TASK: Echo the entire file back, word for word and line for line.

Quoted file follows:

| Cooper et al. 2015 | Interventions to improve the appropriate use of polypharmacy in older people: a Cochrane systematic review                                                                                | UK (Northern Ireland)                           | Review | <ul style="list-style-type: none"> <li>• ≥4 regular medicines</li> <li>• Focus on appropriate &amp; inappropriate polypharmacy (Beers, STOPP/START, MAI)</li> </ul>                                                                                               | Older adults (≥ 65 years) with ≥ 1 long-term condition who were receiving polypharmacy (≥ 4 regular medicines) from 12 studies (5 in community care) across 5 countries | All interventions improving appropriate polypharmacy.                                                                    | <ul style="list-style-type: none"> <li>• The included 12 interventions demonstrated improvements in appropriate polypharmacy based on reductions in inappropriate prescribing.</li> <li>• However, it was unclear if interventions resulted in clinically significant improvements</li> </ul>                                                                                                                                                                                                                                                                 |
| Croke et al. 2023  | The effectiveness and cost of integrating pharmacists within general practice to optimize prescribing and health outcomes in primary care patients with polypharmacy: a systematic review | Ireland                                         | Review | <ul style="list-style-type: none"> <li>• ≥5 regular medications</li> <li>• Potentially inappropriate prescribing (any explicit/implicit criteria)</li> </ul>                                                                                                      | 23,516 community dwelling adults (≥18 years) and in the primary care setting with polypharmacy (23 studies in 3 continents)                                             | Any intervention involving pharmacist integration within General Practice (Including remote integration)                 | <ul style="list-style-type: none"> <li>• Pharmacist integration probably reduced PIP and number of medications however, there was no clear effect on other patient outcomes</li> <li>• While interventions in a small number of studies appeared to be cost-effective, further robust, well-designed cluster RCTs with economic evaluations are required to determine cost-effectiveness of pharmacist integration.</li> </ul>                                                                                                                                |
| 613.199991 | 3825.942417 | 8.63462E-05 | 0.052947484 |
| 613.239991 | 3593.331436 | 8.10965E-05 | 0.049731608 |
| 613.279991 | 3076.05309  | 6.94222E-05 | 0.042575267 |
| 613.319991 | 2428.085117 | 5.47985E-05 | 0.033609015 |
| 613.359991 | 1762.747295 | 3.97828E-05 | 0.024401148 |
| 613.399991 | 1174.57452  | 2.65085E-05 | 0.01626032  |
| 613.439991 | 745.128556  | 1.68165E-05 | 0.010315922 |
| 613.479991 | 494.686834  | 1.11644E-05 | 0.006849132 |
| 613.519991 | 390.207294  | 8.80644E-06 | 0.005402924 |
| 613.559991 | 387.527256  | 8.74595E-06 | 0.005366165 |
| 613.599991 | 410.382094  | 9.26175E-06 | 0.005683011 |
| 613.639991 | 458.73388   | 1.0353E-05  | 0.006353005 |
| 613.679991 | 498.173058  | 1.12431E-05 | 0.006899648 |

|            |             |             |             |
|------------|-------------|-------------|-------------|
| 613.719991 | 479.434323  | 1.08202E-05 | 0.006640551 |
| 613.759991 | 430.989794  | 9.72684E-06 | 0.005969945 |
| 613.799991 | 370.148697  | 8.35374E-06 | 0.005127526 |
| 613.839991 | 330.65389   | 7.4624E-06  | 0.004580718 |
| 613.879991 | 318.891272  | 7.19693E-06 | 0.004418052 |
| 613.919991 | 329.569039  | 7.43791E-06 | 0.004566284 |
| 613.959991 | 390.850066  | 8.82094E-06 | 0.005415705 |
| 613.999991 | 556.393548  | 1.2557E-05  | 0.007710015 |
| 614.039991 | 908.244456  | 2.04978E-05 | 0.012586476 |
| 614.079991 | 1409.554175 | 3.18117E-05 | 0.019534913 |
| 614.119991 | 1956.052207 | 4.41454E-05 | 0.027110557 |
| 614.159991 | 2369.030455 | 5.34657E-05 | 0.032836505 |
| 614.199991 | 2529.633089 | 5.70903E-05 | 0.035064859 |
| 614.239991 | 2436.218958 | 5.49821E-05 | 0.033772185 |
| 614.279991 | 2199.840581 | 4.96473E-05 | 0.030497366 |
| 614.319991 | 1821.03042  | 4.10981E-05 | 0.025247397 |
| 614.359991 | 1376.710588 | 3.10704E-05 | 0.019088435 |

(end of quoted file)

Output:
| Cooper et al. 2015 | Interventions to improve the appropriate use of polypharmacy in older people: a Cochrane systematic review                                                                                | UK (Northern Ireland)                           | Review | <ul style="list-style-type: none"> <li>• ≥4 regular medicines</li> <li>• Focus on appropriate &amp; inappropriate polypharmacy (Beers, STOPP/START, MAI)</li> </ul>                                                                                               | Older adults (≥ 65 years) with ≥ 1 long-term condition who were receiving polypharmacy (≥ 4 regular medicines) from 12 studies (5 in community care) across 5 countries | All interventions improving appropriate polypharmacy.                                                                    | <ul style="list-style-type: none"> <li>• The included 12 interventions demonstrated improvements in appropriate polypharmacy based on reductions in inappropriate prescribing.</li> <li>• However, it was unclear if interventions resulted in clinically significant improvements</li> </ul>                                                                                                                                                                                                                                                                 |
| Croke et al. 2023  | The effectiveness and cost of integrating pharmacists within general practice to optimize prescribing and health outcomes in primary care patients with polypharmacy: a systematic review | Ireland                                         | Review | <ul style="list-style-type: none"> <li>• ≥5 regular medications</li> <li>• Potentially inappropriate prescribing (any explicit/implicit criteria)</li> </ul>                                                                                                      | 23,516 community dwelling adults (≥18 years) and in the primary care setting with polypharmacy (23 studies in 3 continents)                                             | Any intervention involving pharmacist integration within General Practice (Including remote integration)                 | <ul style="list-style-type: none"> <li>• Pharmacist integration probably reduced PIP and number of medications however, there was no clear effect on other patient outcomes</li> <li>• While interventions in a small number of studies appeared to be cost-effective, further robust, well-designed cluster RCTs with economic evaluations are required to determine cost-effectiveness of pharmacist integration.</li> </ul>                                                                                                                                |
| 613.199991 | 3825.942417 | 8.63462E-05 | 0.052947484 |
| 613.239991 | 3593.331436 | 8.10965E-05 | 0.049731608 |
| 613.279991 | 3076.05309  | 6.94222E-05 | 0.042575267 |
| 613.319991 | 2428.085117 | 5.47985E-05 | 0.033609015 |
| 613.359991 | 1762.747295 | 3.97828E-05 | 0.024401148 |
| 613.399991 | 1174.57452  | 2.65085E-05 | 0.01626032  |
| 613.439991 | 745.128556  | 1.68165E-05 | 0.010315922 |
| 613.479991 | 494.686834  | 1.11644E-05 | 0.006849132 |
| 613.519991 | 390.207294  | 8.80644E-06 | 0.005402924 |
| 613.559991 | 387.527256  | 8.74595E-06 | 0.005366165 |
| 613.599991 | 410.382094  | 9.26175E-06 | 0.005683011 |
| 613.639991 | 458.73388   | 1.0353E-05  | 0.006353005 |
| 613.679991 | 498.173058  | 1.12431E-05 | 0.006899648 |

|            |             |             |             |
|------------|-------------|-------------|-------------|
| 613.719991 | 479.434323  | 1.08202E-05 | 0.006640551 |
| 613.759991 | 430.989794  | 9.72684E-06 | 0.005969945 |
| 613.799991 | 370.148697  | 8.35374E-06 | 0.005127526 |
| 613.839991 | 330.65389   | 7.4624E-06  | 0.004580718 |
| 613.879991 | 318.891272  | 7.19693E-06 | 0.004418052 |
| 613.919991 | 329.569039  | 7.43791E-06 | 0.004566284 |
| 613.959991 | 390.850066  | 8.82094E-06 | 0.005415705 |
| 613.999991 | 556.393548  | 1.2557E-05  | 0.007710015 |
| 614.039991 | 908.244456  | 2.04978E-05 | 0.012586476 |
| 614.079991 | 1409.554175 | 3.18117E-05 | 0.019534913 |
| 614.119991 | 1956.052207 | 4.41454E-05 | 0.027110557 |
| 614.159991 | 2369.030455 | 5.34657E-05 | 0.032836505 |
| 614.199991 | 2529.633089 | 5.70903E-05 | 0.035064859 |
| 614.239991 | 2436.218958 | 5.49821E-05 | 0.033772185 |
| 614.279991 | 2199.840581 | 4.96473E-05 | 0.030497366 |
| 614.319991 | 1821.03042  | 4.10981E-05 | 0.025247397 |
| 614.359991 | 1376.710588 | 3.10704E-05 | 0.019088435 |